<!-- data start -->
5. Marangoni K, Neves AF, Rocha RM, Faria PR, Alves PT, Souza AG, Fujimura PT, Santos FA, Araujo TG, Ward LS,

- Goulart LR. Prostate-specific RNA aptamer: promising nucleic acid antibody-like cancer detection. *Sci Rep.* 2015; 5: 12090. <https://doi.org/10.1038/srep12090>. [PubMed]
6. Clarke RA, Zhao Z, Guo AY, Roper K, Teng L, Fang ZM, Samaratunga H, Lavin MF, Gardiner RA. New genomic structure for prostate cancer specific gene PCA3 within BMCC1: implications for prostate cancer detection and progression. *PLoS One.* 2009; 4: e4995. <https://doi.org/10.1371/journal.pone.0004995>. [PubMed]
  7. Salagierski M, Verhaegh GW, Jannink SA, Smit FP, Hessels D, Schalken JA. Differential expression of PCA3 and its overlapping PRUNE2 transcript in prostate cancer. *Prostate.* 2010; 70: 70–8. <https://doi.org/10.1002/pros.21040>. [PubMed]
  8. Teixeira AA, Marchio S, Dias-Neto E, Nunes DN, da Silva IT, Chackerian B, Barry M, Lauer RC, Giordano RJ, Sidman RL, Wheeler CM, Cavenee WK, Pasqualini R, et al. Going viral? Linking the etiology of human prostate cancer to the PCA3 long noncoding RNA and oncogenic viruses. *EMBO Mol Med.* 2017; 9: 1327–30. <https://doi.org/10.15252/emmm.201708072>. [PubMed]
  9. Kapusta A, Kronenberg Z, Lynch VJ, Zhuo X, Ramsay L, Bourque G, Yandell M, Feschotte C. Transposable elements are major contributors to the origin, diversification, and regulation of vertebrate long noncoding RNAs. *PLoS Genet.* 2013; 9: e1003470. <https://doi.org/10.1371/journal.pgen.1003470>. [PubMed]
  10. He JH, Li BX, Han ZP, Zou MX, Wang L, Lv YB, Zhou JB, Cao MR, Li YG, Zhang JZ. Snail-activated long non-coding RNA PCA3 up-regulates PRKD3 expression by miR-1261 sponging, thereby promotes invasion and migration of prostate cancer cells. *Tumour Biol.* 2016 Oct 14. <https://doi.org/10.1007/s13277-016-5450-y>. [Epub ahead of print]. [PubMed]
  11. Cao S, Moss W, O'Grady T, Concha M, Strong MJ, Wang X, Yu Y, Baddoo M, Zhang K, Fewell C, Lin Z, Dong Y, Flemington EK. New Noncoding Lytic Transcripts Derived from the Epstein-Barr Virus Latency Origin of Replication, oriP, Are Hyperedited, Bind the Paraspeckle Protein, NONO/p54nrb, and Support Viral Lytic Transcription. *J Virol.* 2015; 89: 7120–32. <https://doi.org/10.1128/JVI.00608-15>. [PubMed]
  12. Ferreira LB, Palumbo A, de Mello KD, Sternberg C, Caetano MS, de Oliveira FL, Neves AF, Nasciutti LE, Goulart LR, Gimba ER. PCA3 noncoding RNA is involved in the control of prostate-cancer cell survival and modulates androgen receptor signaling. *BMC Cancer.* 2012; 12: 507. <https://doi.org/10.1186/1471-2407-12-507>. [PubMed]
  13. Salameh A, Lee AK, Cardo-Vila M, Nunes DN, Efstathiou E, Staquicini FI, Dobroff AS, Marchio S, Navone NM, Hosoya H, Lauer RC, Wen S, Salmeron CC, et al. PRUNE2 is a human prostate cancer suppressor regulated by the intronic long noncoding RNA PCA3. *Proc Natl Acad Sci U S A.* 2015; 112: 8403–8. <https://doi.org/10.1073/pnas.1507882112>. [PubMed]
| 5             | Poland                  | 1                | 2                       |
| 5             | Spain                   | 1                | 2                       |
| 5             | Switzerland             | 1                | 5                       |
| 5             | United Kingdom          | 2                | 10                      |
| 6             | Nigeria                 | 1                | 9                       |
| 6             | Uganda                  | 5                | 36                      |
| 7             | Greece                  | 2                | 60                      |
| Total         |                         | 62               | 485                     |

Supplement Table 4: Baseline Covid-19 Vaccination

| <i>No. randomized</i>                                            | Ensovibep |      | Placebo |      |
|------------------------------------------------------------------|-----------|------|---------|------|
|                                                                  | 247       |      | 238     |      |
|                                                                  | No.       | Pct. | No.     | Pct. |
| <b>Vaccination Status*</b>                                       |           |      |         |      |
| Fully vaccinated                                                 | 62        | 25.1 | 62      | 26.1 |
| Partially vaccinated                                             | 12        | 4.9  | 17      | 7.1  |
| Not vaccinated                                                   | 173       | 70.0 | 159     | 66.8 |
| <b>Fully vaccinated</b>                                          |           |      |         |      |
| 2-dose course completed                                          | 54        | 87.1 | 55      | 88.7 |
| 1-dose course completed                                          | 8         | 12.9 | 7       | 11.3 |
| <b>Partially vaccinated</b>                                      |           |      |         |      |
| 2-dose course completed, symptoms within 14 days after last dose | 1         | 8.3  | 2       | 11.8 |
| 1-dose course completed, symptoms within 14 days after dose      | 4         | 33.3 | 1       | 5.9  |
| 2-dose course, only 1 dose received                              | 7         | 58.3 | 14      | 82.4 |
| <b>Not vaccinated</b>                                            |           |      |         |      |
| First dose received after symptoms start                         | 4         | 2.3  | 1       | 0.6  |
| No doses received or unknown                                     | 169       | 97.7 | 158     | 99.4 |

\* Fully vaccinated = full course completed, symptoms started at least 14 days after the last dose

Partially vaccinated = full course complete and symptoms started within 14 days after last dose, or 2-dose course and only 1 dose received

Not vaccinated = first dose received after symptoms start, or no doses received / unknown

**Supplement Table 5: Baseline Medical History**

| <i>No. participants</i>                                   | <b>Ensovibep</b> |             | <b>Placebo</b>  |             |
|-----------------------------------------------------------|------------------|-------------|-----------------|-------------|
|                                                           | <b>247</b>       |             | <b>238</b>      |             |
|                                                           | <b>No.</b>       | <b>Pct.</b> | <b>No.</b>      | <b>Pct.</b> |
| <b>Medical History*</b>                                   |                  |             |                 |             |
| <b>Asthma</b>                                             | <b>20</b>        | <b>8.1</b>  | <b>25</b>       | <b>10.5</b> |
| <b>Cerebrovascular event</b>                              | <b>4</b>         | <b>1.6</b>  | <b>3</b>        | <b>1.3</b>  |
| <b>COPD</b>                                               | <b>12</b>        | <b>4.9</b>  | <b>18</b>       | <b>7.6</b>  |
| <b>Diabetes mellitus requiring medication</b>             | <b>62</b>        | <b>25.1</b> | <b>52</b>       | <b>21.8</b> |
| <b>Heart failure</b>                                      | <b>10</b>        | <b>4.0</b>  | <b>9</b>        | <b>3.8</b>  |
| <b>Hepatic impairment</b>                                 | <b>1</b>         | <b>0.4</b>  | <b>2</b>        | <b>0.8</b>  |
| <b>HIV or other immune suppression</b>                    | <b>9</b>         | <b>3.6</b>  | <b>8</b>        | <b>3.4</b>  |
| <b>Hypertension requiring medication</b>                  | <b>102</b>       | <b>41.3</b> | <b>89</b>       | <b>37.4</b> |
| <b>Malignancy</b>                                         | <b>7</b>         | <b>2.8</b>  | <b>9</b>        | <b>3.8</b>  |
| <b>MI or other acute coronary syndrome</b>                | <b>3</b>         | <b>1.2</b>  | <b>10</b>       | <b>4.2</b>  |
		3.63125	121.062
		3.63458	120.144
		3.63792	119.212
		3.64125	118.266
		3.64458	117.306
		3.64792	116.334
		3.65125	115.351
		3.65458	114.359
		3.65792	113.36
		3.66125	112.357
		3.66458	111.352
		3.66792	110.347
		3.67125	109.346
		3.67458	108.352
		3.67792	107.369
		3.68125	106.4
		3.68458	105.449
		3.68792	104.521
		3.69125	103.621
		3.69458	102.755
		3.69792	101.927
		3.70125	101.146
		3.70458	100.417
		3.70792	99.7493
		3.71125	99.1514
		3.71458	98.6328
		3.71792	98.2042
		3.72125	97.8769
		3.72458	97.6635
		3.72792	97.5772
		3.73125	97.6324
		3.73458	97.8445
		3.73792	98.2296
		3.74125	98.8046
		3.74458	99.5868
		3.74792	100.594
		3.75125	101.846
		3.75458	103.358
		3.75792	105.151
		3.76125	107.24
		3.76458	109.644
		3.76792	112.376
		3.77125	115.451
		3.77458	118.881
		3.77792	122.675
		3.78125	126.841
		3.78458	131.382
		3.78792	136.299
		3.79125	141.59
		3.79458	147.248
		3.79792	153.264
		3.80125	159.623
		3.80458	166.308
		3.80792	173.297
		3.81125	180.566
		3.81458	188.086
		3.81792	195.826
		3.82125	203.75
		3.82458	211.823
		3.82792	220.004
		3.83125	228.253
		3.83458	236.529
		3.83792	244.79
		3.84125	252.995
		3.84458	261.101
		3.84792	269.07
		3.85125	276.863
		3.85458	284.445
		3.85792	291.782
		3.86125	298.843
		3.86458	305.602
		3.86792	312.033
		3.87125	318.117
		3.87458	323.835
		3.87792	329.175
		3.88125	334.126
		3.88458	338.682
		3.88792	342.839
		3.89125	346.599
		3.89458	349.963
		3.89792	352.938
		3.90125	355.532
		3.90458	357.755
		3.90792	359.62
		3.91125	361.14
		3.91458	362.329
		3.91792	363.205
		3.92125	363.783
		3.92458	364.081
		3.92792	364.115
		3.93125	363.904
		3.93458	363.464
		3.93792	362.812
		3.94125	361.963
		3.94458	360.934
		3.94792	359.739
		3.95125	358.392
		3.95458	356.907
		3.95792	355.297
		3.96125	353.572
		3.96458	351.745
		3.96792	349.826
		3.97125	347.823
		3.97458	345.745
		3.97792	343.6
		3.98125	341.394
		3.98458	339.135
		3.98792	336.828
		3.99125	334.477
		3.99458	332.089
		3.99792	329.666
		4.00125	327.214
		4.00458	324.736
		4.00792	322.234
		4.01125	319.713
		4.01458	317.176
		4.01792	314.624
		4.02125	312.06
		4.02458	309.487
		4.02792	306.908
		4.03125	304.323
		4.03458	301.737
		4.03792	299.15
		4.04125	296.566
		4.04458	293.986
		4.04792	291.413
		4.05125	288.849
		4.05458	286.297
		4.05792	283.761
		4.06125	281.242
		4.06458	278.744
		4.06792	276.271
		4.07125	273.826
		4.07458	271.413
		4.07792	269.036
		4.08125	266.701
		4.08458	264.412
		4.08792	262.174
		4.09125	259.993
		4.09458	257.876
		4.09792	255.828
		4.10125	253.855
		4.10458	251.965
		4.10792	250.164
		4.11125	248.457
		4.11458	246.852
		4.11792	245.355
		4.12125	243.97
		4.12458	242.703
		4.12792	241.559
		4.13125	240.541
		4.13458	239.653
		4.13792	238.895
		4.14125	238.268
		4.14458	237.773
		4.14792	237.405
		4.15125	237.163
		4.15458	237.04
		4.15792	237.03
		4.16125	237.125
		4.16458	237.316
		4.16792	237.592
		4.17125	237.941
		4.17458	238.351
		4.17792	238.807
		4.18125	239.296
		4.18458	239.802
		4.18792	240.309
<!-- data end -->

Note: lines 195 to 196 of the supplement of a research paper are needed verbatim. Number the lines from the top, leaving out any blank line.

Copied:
		4.09125	259.993
		4.09458	257.876